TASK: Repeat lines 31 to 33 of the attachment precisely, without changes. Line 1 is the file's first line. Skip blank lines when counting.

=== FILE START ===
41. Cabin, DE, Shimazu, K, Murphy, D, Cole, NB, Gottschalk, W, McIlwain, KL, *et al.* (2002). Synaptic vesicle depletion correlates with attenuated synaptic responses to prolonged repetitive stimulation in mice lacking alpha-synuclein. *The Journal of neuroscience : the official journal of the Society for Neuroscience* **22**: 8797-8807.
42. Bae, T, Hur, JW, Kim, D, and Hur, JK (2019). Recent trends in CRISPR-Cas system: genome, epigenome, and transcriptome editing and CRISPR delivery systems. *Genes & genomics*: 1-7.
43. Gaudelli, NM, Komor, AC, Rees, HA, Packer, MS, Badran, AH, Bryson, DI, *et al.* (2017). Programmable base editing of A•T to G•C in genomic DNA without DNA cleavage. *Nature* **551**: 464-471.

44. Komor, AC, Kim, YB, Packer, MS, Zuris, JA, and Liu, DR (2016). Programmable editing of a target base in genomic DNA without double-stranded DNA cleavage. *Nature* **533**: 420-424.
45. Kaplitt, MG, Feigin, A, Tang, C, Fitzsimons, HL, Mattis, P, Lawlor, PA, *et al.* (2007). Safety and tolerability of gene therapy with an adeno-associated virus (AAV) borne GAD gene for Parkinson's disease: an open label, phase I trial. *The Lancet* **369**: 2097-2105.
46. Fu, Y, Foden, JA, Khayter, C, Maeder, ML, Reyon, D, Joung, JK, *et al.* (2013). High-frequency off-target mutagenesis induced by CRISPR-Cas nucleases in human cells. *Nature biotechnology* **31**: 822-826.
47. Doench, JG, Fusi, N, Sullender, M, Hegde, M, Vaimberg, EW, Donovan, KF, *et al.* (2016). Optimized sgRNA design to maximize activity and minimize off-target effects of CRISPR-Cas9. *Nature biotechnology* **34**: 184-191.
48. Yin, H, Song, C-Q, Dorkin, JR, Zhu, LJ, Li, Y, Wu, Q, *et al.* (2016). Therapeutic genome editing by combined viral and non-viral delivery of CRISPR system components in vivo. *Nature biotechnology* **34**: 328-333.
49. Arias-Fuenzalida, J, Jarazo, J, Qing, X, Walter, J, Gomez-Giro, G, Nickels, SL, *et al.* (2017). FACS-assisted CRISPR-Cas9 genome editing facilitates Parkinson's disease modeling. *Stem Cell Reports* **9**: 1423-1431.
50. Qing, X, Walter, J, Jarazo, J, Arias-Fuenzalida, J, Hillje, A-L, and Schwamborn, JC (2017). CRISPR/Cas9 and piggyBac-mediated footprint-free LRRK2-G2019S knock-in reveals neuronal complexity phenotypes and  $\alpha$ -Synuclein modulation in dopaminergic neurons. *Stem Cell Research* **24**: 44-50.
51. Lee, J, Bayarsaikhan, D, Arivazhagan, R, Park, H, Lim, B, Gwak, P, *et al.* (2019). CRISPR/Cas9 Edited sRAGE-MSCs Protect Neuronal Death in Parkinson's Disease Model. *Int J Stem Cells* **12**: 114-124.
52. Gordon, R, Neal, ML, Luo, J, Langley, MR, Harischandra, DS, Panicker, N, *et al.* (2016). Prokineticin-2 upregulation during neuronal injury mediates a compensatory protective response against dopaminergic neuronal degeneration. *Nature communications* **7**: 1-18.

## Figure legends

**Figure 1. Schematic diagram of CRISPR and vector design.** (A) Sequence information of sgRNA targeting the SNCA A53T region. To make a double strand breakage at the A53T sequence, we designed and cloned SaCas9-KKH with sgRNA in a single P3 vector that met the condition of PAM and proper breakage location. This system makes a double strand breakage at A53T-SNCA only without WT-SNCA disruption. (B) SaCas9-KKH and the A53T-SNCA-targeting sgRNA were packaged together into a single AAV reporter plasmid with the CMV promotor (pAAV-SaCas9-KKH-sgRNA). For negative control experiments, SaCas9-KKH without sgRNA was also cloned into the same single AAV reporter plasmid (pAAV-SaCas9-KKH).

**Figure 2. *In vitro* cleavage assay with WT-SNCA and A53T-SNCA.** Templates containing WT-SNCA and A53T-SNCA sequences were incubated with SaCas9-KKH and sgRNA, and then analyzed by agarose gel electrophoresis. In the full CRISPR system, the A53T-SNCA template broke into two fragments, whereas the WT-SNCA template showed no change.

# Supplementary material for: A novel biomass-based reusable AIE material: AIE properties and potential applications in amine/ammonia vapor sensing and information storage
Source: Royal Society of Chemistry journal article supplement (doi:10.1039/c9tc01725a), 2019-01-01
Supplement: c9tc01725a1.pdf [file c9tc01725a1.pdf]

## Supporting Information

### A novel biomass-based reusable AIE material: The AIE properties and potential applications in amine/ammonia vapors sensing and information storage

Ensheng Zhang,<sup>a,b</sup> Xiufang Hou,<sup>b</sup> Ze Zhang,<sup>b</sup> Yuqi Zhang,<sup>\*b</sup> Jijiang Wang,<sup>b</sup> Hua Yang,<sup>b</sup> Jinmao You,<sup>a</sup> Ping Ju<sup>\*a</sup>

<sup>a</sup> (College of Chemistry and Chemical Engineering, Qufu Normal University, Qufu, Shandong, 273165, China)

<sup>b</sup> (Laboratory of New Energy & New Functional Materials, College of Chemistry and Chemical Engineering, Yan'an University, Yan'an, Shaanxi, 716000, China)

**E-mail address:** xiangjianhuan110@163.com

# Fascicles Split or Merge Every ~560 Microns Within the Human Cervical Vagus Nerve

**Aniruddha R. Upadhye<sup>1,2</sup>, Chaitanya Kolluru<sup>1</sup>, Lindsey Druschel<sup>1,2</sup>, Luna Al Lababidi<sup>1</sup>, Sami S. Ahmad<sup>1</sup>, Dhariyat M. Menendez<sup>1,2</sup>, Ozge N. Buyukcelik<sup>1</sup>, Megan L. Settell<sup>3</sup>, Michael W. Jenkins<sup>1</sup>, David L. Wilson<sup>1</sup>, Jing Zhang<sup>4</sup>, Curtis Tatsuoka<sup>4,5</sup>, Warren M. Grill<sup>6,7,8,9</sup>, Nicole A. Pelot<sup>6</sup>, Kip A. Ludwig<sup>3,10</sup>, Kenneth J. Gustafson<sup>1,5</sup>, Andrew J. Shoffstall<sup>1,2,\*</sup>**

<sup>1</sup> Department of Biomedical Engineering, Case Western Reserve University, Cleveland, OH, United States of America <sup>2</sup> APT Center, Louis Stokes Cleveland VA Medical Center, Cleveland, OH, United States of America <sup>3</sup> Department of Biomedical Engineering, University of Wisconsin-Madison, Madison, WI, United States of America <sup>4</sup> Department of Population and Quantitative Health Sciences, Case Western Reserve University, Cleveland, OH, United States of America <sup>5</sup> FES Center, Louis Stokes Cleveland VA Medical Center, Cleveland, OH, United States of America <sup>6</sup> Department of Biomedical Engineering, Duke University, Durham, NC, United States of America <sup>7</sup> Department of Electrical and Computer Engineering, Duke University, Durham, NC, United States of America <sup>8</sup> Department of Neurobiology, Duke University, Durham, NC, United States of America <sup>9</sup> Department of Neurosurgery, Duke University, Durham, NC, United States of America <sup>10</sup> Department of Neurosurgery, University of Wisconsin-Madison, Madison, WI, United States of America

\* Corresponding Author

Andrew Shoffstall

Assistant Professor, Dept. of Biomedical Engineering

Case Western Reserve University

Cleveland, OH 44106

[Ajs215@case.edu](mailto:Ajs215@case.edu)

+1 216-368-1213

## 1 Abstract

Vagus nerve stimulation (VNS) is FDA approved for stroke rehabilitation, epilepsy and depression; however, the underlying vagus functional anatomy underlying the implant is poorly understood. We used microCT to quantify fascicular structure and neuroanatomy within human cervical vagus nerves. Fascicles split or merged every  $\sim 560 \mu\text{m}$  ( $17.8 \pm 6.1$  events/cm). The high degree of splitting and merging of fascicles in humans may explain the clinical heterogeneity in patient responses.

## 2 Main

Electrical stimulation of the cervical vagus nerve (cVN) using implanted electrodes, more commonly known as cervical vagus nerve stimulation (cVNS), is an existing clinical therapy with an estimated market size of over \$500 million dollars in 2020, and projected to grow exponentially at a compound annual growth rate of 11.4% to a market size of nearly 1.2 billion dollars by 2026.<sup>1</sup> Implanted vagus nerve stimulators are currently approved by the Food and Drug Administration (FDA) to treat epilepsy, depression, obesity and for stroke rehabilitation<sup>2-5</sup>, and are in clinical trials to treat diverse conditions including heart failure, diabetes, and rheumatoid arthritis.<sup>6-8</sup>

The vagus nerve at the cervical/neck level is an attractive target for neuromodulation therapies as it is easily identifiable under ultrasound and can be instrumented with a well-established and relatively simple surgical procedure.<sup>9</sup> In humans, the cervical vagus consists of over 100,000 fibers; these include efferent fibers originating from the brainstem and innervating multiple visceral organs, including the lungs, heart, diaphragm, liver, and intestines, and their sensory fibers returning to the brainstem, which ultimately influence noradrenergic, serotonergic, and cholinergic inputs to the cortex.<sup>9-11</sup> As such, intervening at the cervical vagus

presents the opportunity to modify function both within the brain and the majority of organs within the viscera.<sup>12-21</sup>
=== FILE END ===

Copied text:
Case Western Reserve University

Cleveland, OH 44106

[Ajs215@case.edu](mailto:Ajs215@case.edu)